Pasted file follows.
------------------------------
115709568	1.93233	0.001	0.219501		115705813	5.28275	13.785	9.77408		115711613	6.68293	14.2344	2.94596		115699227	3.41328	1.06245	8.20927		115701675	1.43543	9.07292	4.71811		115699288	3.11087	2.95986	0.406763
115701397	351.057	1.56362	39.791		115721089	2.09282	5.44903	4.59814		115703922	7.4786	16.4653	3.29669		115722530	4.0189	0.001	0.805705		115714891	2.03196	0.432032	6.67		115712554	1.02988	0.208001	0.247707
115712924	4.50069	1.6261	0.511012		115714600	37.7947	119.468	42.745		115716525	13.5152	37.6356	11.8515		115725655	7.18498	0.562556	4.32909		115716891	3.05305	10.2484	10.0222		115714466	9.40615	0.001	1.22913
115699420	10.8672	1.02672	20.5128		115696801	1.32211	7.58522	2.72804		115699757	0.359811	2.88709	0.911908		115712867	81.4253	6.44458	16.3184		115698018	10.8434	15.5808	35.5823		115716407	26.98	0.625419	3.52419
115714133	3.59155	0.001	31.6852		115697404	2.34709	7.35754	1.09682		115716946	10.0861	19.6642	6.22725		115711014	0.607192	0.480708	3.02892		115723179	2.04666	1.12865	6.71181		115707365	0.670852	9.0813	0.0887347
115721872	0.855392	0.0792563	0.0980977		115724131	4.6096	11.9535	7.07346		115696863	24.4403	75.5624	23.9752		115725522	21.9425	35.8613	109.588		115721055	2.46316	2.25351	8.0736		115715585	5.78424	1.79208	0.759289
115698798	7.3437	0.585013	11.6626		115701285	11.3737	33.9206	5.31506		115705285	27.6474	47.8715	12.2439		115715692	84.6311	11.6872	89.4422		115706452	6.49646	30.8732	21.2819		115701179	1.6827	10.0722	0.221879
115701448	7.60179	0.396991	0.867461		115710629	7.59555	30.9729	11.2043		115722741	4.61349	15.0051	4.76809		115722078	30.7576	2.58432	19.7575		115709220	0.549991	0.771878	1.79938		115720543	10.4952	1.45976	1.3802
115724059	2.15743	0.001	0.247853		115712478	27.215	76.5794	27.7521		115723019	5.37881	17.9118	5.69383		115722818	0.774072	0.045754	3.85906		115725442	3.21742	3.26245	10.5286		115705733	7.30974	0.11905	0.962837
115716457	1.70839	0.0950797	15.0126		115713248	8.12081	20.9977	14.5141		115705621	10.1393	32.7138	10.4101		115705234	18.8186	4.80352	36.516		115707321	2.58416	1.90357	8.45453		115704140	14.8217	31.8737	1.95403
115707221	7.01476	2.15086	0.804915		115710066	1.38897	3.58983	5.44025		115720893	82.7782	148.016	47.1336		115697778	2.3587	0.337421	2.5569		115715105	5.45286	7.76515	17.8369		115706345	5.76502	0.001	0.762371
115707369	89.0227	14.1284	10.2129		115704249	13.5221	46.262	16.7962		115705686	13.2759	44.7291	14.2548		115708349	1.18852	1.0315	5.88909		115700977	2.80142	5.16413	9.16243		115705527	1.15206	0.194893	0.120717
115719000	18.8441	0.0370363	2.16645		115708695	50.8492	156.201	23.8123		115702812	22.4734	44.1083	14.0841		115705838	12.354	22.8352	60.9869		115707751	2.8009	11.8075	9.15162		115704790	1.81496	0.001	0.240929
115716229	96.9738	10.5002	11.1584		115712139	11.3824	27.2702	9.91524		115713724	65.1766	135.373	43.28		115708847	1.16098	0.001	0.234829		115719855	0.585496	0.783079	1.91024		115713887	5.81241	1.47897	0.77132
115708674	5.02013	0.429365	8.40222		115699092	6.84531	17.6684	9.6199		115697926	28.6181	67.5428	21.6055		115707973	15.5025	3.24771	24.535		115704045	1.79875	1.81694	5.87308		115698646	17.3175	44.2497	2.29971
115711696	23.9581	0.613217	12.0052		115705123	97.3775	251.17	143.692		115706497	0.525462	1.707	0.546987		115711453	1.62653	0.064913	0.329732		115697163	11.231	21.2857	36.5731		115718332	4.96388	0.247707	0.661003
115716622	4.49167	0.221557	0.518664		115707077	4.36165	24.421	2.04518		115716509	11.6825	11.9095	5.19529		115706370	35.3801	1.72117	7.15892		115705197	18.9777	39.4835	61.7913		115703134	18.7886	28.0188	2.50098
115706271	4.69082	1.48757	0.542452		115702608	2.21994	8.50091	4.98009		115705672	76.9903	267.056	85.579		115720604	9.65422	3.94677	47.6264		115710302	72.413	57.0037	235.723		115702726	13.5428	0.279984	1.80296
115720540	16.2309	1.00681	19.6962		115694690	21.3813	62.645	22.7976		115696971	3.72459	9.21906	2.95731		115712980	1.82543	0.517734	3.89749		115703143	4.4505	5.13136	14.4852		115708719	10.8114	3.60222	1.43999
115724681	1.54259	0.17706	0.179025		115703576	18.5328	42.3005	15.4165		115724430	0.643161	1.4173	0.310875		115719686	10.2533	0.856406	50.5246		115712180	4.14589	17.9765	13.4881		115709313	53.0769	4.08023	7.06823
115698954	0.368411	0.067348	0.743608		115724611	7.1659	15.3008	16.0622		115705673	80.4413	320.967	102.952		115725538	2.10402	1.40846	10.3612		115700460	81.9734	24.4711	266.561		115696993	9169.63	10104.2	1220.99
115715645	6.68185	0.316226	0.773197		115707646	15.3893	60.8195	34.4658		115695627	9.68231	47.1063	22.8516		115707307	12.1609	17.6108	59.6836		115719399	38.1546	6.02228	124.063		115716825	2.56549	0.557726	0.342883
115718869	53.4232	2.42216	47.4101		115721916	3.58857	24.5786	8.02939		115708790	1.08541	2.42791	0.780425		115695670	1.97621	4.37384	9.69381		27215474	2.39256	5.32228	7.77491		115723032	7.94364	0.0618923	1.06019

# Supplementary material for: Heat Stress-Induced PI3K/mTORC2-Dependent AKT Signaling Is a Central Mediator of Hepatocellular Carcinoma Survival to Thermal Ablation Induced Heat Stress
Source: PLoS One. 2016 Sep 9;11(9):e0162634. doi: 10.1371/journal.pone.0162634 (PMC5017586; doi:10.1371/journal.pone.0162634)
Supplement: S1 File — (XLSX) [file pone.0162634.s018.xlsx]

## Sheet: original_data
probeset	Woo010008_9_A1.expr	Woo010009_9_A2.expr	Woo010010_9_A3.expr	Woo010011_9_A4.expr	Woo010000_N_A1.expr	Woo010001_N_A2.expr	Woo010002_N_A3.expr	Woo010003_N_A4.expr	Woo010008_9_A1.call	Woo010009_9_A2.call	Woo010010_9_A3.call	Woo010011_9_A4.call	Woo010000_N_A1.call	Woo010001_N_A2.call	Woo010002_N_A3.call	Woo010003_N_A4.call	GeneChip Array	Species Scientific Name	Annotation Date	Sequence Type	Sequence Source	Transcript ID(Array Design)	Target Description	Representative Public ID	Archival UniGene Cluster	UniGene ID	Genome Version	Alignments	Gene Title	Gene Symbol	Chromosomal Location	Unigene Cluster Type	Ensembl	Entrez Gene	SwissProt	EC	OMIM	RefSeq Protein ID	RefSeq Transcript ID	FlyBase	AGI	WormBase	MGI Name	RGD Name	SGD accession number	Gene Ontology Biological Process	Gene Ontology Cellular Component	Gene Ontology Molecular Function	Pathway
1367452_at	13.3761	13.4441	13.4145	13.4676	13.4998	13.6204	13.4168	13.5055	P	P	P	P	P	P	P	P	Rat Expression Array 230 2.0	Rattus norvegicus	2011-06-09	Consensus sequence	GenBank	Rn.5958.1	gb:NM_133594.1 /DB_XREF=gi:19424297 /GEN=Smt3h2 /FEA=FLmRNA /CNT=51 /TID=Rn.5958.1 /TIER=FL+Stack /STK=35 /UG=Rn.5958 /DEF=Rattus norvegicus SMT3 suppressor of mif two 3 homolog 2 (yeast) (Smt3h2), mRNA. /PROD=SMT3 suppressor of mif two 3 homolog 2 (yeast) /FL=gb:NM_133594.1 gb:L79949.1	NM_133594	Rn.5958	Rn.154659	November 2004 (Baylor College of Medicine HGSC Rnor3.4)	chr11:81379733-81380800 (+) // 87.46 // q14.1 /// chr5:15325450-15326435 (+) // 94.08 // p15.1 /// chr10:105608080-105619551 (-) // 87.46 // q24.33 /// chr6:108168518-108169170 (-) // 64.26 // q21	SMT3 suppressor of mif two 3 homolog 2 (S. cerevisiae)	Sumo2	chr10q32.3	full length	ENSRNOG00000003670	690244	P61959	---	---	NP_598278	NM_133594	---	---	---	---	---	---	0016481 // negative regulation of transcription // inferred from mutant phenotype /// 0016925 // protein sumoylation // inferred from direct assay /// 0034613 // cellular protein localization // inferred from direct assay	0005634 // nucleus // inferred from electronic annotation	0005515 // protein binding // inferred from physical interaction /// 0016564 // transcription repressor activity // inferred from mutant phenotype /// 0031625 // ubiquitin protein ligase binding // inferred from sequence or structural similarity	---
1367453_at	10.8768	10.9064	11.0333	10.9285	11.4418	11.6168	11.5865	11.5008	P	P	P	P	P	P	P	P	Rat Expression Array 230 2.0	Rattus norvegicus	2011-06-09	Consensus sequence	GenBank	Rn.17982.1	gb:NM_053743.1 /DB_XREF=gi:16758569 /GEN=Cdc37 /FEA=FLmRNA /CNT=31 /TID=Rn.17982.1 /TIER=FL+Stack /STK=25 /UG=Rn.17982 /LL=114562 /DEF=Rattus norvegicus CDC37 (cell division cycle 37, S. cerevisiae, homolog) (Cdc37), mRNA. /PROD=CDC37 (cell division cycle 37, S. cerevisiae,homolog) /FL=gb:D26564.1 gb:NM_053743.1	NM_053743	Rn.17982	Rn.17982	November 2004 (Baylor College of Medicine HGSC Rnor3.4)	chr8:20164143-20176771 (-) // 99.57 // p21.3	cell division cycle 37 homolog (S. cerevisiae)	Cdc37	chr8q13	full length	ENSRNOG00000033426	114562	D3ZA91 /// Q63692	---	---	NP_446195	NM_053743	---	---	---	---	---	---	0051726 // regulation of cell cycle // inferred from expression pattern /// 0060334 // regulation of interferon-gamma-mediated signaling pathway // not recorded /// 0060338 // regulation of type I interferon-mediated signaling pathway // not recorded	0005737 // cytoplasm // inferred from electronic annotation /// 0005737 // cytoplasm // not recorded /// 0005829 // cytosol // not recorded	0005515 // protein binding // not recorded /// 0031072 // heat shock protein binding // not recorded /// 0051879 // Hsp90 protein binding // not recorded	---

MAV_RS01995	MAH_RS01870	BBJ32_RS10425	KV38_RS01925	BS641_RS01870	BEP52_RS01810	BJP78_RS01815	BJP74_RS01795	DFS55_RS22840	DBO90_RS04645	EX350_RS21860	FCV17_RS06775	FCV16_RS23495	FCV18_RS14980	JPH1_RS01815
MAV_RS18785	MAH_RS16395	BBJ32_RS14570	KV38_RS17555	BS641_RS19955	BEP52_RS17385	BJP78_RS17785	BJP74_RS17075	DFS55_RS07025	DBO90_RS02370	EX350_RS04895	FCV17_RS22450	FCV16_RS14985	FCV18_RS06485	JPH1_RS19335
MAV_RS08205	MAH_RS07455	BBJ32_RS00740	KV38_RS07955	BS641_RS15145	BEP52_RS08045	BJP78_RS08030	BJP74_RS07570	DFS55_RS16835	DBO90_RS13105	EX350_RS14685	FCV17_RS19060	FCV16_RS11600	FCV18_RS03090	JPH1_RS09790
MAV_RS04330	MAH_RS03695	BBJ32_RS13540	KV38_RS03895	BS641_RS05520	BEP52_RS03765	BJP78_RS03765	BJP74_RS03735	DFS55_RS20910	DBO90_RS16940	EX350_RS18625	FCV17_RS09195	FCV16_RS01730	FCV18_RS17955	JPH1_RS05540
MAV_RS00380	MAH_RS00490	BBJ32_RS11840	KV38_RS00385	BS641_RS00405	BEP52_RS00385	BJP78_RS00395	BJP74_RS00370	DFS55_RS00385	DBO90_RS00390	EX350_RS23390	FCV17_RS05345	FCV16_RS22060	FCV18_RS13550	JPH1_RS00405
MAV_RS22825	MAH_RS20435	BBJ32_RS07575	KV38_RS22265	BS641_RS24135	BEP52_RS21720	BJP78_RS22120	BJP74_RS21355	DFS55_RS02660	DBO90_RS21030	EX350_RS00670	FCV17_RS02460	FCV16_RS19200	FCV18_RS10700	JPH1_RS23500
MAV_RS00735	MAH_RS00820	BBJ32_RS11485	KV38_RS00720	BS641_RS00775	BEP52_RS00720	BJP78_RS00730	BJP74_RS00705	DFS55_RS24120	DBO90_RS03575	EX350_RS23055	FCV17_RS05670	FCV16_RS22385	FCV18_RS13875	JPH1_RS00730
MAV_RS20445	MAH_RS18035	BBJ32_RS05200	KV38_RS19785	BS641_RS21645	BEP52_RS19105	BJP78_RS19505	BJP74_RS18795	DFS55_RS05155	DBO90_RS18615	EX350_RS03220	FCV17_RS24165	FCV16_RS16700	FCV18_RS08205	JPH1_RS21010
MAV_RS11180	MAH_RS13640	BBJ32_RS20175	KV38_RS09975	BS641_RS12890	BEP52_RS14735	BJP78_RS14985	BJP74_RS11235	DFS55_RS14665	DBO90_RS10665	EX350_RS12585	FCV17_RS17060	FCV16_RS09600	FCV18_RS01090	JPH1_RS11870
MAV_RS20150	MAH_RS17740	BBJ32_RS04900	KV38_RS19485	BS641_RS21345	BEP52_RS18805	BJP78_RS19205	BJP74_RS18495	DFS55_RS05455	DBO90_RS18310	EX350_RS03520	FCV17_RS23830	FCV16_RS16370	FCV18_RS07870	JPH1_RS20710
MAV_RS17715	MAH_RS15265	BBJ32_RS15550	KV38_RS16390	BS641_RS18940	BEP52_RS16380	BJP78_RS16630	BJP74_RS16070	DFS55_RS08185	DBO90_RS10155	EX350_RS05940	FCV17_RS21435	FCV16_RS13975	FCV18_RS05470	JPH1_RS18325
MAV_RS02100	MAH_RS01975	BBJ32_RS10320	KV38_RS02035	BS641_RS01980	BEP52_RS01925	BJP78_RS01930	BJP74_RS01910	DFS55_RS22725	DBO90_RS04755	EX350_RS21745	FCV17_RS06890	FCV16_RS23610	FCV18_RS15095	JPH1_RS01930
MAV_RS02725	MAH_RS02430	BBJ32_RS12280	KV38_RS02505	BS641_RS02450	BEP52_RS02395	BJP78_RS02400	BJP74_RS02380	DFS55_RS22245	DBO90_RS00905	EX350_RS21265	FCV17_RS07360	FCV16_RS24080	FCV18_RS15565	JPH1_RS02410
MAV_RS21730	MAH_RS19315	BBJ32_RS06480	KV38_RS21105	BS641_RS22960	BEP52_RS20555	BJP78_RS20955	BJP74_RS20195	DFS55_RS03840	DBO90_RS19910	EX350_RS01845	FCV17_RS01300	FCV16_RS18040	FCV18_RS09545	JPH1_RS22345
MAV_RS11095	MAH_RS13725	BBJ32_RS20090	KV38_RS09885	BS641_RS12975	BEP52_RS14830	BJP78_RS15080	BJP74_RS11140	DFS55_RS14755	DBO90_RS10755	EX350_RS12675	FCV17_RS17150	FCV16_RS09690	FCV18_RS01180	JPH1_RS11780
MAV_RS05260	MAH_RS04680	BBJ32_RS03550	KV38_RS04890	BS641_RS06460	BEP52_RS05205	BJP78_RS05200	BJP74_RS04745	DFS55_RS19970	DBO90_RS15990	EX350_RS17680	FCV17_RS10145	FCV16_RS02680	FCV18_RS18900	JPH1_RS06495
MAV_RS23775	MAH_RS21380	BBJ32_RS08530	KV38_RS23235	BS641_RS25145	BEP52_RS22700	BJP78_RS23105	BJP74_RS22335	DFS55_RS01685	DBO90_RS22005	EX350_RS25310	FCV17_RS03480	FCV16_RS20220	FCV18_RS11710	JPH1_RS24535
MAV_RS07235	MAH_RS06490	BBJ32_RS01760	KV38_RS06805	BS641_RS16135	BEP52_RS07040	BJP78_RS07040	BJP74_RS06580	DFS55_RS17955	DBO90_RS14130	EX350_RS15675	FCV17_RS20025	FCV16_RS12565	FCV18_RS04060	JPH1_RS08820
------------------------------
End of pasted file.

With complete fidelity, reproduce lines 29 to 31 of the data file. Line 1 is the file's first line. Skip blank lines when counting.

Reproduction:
1367452_at	13.3761	13.4441	13.4145	13.4676	13.4998	13.6204	13.4168	13.5055	P	P	P	P	P	P	P	P	Rat Expression Array 230 2.0	Rattus norvegicus	2011-06-09	Consensus sequence	GenBank	Rn.5958.1	gb:NM_133594.1 /DB_XREF=gi:19424297 /GEN=Smt3h2 /FEA=FLmRNA /CNT=51 /TID=Rn.5958.1 /TIER=FL+Stack /STK=35 /UG=Rn.5958 /DEF=Rattus norvegicus SMT3 suppressor of mif two 3 homolog 2 (yeast) (Smt3h2), mRNA. /PROD=SMT3 suppressor of mif two 3 homolog 2 (yeast) /FL=gb:NM_133594.1 gb:L79949.1	NM_133594	Rn.5958	Rn.154659	November 2004 (Baylor College of Medicine HGSC Rnor3.4)	chr11:81379733-81380800 (+) // 87.46 // q14.1 /// chr5:15325450-15326435 (+) // 94.08 // p15.1 /// chr10:105608080-105619551 (-) // 87.46 // q24.33 /// chr6:108168518-108169170 (-) // 64.26 // q21	SMT3 suppressor of mif two 3 homolog 2 (S. cerevisiae)	Sumo2	chr10q32.3	full length	ENSRNOG00000003670	690244	P61959	---	---	NP_598278	NM_133594	---	---	---	---	---	---	0016481 // negative regulation of transcription // inferred from mutant phenotype /// 0016925 // protein sumoylation // inferred from direct assay /// 0034613 // cellular protein localization // inferred from direct assay	0005634 // nucleus // inferred from electronic annotation	0005515 // protein binding // inferred from physical interaction /// 0016564 // transcription repressor activity // inferred from mutant phenotype /// 0031625 // ubiquitin protein ligase binding // inferred from sequence or structural similarity	---
1367453_at	10.8768	10.9064	11.0333	10.9285	11.4418	11.6168	11.5865	11.5008	P	P	P	P	P	P	P	P	Rat Expression Array 230 2.0	Rattus norvegicus	2011-06-09	Consensus sequence	GenBank	Rn.17982.1	gb:NM_053743.1 /DB_XREF=gi:16758569 /GEN=Cdc37 /FEA=FLmRNA /CNT=31 /TID=Rn.17982.1 /TIER=FL+Stack /STK=25 /UG=Rn.17982 /LL=114562 /DEF=Rattus norvegicus CDC37 (cell division cycle 37, S. cerevisiae, homolog) (Cdc37), mRNA. /PROD=CDC37 (cell division cycle 37, S. cerevisiae,homolog) /FL=gb:D26564.1 gb:NM_053743.1	NM_053743	Rn.17982	Rn.17982	November 2004 (Baylor College of Medicine HGSC Rnor3.4)	chr8:20164143-20176771 (-) // 99.57 // p21.3	cell division cycle 37 homolog (S. cerevisiae)	Cdc37	chr8q13	full length	ENSRNOG00000033426	114562	D3ZA91 /// Q63692	---	---	NP_446195	NM_053743	---	---	---	---	---	---	0051726 // regulation of cell cycle // inferred from expression pattern /// 0060334 // regulation of interferon-gamma-mediated signaling pathway // not recorded /// 0060338 // regulation of type I interferon-mediated signaling pathway // not recorded	0005737 // cytoplasm // inferred from electronic annotation /// 0005737 // cytoplasm // not recorded /// 0005829 // cytosol // not recorded	0005515 // protein binding // not recorded /// 0031072 // heat shock protein binding // not recorded /// 0051879 // Hsp90 protein binding // not recorded	---

MAV_RS01995	MAH_RS01870	BBJ32_RS10425	KV38_RS01925	BS641_RS01870	BEP52_RS01810	BJP78_RS01815	BJP74_RS01795	DFS55_RS22840	DBO90_RS04645	EX350_RS21860	FCV17_RS06775	FCV16_RS23495	FCV18_RS14980	JPH1_RS01815